In philosophy, the soil of reason is tilled to receive the seeds of faith more openly.

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As distinct from more pessimistic modes of Protestant theology, Catholic theology acknowledges that the gift of reason was not totally destroyed by the Fall, and thus is not exclusive to those who have encountered Christ. Engaging philosophically with those who may not come to the same conclusion that Jesus is the son of God — but who share the same questions about truth, ethics and meaning — enables us to broaden our own sense of reason and to further develop our conscience. Thus the reason seminarians study at least two years of philosophy before moving on to study theology.

Jesus himself prioritized engaging the reason of those he encountered and fostering questions in them before revealing who he was. Think of when he asked John and Andrew what they were looking for, rather than starting off by telling them that he is the one they should be looking for, and why he asked Peter who he says that Jesus is, before revealing who he is.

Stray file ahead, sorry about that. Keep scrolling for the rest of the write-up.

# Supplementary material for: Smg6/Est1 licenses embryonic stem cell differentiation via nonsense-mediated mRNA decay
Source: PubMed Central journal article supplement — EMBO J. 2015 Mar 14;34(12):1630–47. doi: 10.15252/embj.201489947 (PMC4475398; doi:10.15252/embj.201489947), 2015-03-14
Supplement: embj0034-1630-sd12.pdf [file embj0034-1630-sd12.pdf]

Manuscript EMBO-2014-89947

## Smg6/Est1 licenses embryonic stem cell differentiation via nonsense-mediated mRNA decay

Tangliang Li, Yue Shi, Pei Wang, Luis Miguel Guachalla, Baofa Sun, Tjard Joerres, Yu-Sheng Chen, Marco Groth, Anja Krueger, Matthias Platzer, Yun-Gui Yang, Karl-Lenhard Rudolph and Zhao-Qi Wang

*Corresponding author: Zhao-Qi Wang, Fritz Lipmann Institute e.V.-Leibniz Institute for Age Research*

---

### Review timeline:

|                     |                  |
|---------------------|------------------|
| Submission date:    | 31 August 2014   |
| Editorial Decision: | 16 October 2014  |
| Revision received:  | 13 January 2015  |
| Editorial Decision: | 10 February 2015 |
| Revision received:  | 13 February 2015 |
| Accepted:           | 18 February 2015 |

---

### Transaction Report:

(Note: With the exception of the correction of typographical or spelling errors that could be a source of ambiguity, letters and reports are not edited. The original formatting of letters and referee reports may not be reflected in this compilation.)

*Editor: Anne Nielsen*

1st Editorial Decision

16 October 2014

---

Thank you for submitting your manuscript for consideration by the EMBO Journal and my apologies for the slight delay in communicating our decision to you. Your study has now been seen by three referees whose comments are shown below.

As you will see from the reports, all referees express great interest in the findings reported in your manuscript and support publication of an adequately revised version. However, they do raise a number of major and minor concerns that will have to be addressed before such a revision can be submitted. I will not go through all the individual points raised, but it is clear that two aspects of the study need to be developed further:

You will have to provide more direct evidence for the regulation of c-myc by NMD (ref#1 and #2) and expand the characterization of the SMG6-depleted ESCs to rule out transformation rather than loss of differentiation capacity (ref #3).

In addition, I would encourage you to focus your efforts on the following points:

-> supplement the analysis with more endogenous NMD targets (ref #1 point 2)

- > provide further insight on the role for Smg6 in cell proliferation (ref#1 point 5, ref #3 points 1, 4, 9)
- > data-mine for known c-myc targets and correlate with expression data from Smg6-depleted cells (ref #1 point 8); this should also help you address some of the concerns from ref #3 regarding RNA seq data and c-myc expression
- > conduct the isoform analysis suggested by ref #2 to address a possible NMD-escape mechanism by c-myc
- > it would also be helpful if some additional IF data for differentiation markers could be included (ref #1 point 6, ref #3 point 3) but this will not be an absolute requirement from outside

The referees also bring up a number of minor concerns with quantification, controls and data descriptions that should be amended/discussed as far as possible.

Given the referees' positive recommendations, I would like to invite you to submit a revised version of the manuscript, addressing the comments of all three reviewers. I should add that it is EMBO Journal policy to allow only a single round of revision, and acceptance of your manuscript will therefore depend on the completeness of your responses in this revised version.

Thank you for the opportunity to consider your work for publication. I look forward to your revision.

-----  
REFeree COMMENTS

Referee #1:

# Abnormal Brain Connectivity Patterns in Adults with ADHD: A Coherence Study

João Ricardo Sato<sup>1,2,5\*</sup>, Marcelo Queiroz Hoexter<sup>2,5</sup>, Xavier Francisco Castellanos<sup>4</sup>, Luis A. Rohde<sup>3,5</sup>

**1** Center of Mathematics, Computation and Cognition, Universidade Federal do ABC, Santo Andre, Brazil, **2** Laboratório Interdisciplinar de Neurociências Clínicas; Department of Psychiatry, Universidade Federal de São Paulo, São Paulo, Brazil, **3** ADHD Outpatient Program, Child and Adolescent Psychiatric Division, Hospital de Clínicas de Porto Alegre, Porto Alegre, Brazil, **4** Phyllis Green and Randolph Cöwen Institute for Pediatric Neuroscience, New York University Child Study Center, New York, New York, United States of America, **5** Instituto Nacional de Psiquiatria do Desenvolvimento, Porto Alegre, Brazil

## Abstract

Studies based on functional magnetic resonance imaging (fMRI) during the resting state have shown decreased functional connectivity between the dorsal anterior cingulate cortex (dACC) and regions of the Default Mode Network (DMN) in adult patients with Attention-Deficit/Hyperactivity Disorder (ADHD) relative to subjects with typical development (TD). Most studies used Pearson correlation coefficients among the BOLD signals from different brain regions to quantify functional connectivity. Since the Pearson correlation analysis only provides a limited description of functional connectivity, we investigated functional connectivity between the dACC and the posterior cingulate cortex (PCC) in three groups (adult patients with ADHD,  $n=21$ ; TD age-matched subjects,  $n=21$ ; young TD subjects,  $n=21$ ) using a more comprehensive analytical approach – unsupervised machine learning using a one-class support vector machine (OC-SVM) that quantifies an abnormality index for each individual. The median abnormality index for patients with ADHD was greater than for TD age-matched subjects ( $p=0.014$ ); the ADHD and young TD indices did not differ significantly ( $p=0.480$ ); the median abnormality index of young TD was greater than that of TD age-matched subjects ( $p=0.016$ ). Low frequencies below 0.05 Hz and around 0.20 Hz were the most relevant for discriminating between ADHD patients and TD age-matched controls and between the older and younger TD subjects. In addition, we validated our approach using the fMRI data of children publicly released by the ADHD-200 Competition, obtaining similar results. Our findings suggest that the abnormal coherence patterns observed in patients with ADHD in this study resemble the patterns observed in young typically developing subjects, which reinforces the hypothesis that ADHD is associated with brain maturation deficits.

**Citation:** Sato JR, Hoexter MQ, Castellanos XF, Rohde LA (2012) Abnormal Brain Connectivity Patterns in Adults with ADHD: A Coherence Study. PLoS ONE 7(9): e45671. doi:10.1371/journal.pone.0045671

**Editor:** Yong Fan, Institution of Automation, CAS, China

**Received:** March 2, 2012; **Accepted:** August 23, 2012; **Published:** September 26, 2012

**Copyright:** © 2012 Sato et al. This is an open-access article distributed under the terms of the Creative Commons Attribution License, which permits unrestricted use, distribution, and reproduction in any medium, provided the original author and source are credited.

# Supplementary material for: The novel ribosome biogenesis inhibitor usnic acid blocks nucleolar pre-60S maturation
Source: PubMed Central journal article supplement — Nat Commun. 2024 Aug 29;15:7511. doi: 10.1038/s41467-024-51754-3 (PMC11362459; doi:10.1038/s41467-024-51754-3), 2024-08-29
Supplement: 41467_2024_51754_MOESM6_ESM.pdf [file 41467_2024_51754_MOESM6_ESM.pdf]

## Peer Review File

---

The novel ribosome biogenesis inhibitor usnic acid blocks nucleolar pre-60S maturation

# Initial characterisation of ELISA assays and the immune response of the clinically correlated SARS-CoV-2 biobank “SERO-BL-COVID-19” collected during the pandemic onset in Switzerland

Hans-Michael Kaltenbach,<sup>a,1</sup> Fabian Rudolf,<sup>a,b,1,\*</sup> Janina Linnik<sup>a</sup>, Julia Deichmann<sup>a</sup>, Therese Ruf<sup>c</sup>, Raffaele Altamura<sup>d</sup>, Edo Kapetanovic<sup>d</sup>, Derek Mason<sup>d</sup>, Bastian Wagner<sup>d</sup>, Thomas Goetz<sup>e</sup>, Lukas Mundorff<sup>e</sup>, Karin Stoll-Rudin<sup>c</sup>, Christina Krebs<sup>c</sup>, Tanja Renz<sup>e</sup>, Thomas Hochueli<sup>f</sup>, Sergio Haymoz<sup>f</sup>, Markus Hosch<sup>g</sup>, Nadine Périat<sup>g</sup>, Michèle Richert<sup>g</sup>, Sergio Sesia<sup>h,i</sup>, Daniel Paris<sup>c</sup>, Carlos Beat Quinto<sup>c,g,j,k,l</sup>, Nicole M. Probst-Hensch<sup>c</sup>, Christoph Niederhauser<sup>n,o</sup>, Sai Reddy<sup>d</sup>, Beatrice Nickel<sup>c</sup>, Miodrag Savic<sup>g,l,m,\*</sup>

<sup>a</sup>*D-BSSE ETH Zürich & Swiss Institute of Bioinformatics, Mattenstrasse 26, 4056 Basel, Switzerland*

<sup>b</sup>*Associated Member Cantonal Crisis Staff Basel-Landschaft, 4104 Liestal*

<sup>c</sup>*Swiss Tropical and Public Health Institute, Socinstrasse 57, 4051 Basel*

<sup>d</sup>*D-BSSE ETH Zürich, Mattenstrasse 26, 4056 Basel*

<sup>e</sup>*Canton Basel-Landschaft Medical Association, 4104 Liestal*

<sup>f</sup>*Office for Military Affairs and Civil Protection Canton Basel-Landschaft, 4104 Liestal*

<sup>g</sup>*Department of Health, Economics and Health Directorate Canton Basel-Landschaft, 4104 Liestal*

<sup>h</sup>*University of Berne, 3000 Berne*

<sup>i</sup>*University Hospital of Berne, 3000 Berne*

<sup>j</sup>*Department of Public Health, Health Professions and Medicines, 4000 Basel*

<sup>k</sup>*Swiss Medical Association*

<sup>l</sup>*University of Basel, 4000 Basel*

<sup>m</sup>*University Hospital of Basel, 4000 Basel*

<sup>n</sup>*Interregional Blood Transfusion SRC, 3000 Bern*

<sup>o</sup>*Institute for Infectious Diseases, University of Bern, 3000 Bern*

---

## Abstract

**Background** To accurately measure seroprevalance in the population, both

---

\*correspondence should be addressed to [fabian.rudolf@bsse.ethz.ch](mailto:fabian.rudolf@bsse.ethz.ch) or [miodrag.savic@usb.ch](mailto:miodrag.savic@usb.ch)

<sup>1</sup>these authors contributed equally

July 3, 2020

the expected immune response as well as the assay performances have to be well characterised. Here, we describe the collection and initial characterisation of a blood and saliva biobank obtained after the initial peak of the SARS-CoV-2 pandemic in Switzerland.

The church, says Pope Francis, "is called to form consciences, not to replace them."

The Pharisees, who may have had all the "right" answers, were the object of Jesus' condemnation due to their refusal to make use of their consciences. Their understanding of laws and doctrines were totally disconnected from the questions, needs and desires at the depths of their hearts, thus rendering their answers — as correct as they may have been — flat and meaningless.